Following Barrasso’s comments, the chairman of the Senate Committee on Environment and Public Works requested that the NRC and the Energy Department produce documents related to the Obama administration’s response to the 2010 letter. Barrasso says he has evidence that the Energy Department misled him on their role in approving the uranium exports, and pointed out the enormous loophole which allowed Uranium One to export without a license. 

Uranium One did not need a specific NRC license to export U.S. uranium,” said Barrasso, adding “Instead, Uranium One only needed to be, and later was, listed as a supplier on a transport company’s NRC export license.”

The New York Times covered the Uranium One story in 2015, detailing donations which poured into the Clinton Foundation from individuals associated with the deal – which was later found to be upwards of $140 million. Meanwhile, a series of follow-up reports from The Hill have filled in the gaps with several bombshells, including: 

  • The FBI had a mole deep within the Russian uranium industry who gathered evidence of millions of dollars routed to  the Clinton Foundation by Russian nuclear officials. 
  • The mole says there is a video showing Russians stuffing a briefcase full of bribe money, joking about Americans.
  • Bill Clinton met with Russian President Vladimir Putin at his Moscow estate right before the Uranium One deal was approved, which was the same day he collected a $500,000 check for a speech to a Russian investment bank which issued a favorable rating to Uranium One stock. 

As he prepared to collect a $500,000 payday in Moscow in 2010, Bill Clinton sought clearance from the State Department to meet with a key board director of the Russian nuclear energy firm Rosatom — which at the time needed the Obama administration’s approval for a controversial uranium deal, government records show.


Arkady Dvorkovich, a top aide to then-Russian President Dmitri Medvedev and one of the highest-ranking government officials to serve on Rosatom’s board of supervisors, was listed on a May 14, 2010, email as one of 15 Russians the former president wanted to meet during a late June 2010 trip, the documents show.


“In the context of a possible trip to Russia at the end of June, WJC is being asked to see the business/government folks below. Would State have concerns about WJC seeing any of these folks,” Clinton Foundation foreign policy adviser Amitabh Desai wrote the State Department on May 14, 2010, using the former president’s initials and forwarding the list of names to former Secretary of State Hillary Clinton’s team. The Hill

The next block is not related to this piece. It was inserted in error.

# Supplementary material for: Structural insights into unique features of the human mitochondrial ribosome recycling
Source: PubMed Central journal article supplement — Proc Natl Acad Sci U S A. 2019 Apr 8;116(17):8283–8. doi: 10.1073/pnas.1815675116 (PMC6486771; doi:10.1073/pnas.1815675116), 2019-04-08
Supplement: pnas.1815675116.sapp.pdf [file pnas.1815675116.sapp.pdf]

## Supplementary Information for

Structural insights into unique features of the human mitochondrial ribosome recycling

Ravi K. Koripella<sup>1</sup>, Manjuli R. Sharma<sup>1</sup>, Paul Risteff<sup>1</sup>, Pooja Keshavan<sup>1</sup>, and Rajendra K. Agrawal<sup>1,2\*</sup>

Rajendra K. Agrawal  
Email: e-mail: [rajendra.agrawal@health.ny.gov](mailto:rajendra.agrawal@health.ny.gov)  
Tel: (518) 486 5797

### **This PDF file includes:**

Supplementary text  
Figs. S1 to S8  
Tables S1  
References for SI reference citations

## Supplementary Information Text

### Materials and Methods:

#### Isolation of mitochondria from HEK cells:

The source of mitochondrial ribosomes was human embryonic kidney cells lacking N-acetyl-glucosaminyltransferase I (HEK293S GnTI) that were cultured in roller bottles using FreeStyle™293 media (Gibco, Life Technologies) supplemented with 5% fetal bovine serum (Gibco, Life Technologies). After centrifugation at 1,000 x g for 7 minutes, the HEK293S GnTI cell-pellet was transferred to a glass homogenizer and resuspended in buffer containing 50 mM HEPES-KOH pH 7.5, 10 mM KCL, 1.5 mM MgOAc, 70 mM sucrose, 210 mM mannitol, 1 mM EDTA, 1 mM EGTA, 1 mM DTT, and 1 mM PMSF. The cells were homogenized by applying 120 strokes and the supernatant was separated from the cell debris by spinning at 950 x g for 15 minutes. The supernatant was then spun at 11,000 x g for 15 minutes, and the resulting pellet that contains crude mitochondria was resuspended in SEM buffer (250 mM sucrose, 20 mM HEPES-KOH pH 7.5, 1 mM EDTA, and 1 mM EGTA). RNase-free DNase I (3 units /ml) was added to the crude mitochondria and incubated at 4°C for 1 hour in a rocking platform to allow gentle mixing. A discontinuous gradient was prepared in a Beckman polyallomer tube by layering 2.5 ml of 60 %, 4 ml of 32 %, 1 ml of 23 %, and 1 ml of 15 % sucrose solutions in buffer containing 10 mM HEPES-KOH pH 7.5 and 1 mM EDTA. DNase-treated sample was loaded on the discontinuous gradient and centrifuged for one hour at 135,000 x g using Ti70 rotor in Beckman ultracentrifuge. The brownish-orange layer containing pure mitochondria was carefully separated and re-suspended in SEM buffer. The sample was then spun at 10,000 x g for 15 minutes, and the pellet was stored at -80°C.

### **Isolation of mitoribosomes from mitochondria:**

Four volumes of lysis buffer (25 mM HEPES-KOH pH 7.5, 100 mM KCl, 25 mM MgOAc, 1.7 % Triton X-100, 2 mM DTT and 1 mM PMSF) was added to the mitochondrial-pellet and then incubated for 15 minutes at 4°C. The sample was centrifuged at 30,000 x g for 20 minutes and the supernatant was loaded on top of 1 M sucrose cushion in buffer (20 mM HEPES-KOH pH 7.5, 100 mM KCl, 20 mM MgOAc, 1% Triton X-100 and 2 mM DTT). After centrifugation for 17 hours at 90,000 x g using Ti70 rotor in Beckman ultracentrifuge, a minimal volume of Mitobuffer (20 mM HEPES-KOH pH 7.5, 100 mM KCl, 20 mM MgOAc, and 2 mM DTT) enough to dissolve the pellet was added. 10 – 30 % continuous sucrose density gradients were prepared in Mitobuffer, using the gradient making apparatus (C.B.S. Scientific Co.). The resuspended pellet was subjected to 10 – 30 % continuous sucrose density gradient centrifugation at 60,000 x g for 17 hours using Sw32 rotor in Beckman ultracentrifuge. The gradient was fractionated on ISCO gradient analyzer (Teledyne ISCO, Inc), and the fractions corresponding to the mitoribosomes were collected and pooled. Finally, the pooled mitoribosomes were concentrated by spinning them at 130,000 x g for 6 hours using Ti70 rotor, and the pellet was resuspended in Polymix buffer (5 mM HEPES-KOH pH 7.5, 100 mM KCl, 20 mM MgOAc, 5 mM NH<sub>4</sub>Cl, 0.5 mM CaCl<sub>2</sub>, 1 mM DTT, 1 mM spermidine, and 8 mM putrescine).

• There was an internal scramble at the FBI to preserve records from all of the agencies which approved the Uranium One deal, as uncovered by Twitter user ‘Katica’ after pouring through emails obtained via FOIA request. 

The agencies which received the request included the Nuclear Regulatory Commission, the U.S. Dept. of Treasury, the Office of Director of National Intelligence (ODNI James Clapper), The National Counter Terrorism Center, and the U.S. Department of Energy (DOE).


Five days after the initial request, the same FBI agent sent another round of notifications to the same agencies, adding the National Security Agency (NSA) and the U.S. Secret Service (USSS).

The next day, September 3rd, 2015three more agencies were added to the preservation request: The CIA, the Defense Intelligence Agency (DIA) and the Department of Defense (DOD)


At this point, every single member of the Committee on Foreign Investment in the United States (CFIUS) which signed off on the Uranium One deal was served with a notice to preserve records. 

There is so much more to the deal involving players like Tony Podesta, Paul Manafort, and various members of the Obama administration – one wonders if, and when, the dam will ever break under the overwhelming weight of malfeasance – sending waves of corrupt politicians and lobbyists down the drain.